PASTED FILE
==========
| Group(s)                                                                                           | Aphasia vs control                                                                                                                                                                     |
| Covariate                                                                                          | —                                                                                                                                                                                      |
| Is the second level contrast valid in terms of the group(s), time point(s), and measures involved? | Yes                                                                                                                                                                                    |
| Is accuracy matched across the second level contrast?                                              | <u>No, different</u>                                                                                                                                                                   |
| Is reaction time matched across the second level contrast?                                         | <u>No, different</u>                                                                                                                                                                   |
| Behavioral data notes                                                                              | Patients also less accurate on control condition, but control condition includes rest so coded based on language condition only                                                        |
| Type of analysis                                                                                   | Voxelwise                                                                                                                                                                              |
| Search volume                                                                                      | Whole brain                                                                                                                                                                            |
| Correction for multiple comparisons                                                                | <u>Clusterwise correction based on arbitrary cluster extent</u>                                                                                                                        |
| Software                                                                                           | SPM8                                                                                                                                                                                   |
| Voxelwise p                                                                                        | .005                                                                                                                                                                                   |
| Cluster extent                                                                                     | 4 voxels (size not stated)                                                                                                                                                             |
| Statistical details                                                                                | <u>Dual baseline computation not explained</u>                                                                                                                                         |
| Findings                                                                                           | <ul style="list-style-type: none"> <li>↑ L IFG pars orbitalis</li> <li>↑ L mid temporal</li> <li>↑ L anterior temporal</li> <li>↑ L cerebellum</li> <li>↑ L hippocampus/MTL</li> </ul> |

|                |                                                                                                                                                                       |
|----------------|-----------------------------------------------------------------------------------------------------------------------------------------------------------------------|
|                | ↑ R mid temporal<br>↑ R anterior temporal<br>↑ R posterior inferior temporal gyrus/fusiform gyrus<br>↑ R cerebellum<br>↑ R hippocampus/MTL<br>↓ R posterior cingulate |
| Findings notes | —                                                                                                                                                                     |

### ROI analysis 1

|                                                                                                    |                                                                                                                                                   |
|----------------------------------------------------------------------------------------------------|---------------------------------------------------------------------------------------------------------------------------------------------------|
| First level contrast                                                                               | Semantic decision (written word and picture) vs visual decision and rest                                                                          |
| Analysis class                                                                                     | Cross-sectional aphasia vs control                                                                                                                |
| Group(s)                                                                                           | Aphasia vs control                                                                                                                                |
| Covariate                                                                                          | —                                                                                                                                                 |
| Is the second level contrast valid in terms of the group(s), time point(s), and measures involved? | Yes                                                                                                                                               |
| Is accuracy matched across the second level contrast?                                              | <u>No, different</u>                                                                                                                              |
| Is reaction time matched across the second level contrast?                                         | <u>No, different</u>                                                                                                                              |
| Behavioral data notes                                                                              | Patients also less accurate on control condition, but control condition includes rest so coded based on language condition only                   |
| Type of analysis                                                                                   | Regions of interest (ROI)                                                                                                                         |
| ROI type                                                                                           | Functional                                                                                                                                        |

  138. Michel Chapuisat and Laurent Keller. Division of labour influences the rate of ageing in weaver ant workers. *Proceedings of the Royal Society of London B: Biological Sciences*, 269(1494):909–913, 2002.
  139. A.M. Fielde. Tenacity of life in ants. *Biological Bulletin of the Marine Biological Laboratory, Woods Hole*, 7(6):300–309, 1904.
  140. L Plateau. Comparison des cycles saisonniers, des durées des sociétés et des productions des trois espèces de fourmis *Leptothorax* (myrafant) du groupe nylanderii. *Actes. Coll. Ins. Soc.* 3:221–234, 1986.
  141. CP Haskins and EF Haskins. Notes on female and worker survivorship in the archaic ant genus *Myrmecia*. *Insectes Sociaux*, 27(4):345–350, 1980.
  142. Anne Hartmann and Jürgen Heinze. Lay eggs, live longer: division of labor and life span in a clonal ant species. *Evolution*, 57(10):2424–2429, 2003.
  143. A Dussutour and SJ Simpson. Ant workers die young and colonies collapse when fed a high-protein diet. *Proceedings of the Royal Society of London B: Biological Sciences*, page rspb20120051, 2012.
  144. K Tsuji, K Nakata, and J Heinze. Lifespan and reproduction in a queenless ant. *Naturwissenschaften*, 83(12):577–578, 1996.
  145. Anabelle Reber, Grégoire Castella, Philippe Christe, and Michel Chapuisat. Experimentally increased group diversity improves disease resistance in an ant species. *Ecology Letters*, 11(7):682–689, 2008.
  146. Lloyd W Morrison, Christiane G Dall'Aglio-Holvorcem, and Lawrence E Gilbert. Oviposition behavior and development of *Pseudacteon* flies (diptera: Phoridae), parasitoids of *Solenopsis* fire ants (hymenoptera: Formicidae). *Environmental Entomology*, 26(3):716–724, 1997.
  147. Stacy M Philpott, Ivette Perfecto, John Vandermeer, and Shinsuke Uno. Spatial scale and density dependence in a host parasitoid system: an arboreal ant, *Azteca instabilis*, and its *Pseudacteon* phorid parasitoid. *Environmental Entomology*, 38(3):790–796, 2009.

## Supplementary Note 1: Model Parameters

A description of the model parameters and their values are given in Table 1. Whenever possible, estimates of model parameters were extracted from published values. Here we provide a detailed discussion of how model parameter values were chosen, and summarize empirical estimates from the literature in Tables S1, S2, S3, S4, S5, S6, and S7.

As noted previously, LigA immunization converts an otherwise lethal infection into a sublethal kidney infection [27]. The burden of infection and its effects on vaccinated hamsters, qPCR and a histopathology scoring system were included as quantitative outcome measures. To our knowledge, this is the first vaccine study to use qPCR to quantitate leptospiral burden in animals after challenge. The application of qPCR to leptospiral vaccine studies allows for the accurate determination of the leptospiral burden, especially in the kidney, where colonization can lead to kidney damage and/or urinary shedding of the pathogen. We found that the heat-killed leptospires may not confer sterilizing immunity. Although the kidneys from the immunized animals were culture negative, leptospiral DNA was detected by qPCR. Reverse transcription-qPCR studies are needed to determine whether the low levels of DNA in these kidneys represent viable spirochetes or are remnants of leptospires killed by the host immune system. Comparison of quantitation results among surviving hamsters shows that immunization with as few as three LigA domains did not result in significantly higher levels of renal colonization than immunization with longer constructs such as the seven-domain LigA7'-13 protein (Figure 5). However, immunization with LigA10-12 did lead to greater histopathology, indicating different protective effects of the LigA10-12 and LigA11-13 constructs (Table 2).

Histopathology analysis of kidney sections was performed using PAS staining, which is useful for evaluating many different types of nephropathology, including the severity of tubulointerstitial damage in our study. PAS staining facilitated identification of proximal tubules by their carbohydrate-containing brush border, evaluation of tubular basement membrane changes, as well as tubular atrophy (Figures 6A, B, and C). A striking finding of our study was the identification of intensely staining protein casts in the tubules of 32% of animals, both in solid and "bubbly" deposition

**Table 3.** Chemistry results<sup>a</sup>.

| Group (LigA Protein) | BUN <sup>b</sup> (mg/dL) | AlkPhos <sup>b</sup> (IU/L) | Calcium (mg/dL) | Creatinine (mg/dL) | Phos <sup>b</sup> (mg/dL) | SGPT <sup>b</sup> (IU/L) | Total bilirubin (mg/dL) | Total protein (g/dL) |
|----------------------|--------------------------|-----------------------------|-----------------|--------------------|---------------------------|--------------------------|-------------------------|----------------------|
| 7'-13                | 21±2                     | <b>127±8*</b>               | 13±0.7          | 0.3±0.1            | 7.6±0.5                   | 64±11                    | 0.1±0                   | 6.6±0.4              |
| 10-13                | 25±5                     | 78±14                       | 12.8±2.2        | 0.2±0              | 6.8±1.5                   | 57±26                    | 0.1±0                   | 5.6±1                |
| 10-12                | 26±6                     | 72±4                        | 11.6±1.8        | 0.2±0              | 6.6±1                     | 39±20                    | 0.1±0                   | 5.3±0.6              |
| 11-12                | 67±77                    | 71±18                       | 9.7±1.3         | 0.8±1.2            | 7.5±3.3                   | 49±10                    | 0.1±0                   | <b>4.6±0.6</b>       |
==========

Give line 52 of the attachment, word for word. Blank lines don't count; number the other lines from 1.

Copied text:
| 11-12                | 67±77                    | 71±18                       | 9.7±1.3         | 0.8±1.2            | 7.5±3.3                   | 49±10                    | 0.1±0                   | <b>4.6±0.6</b>       |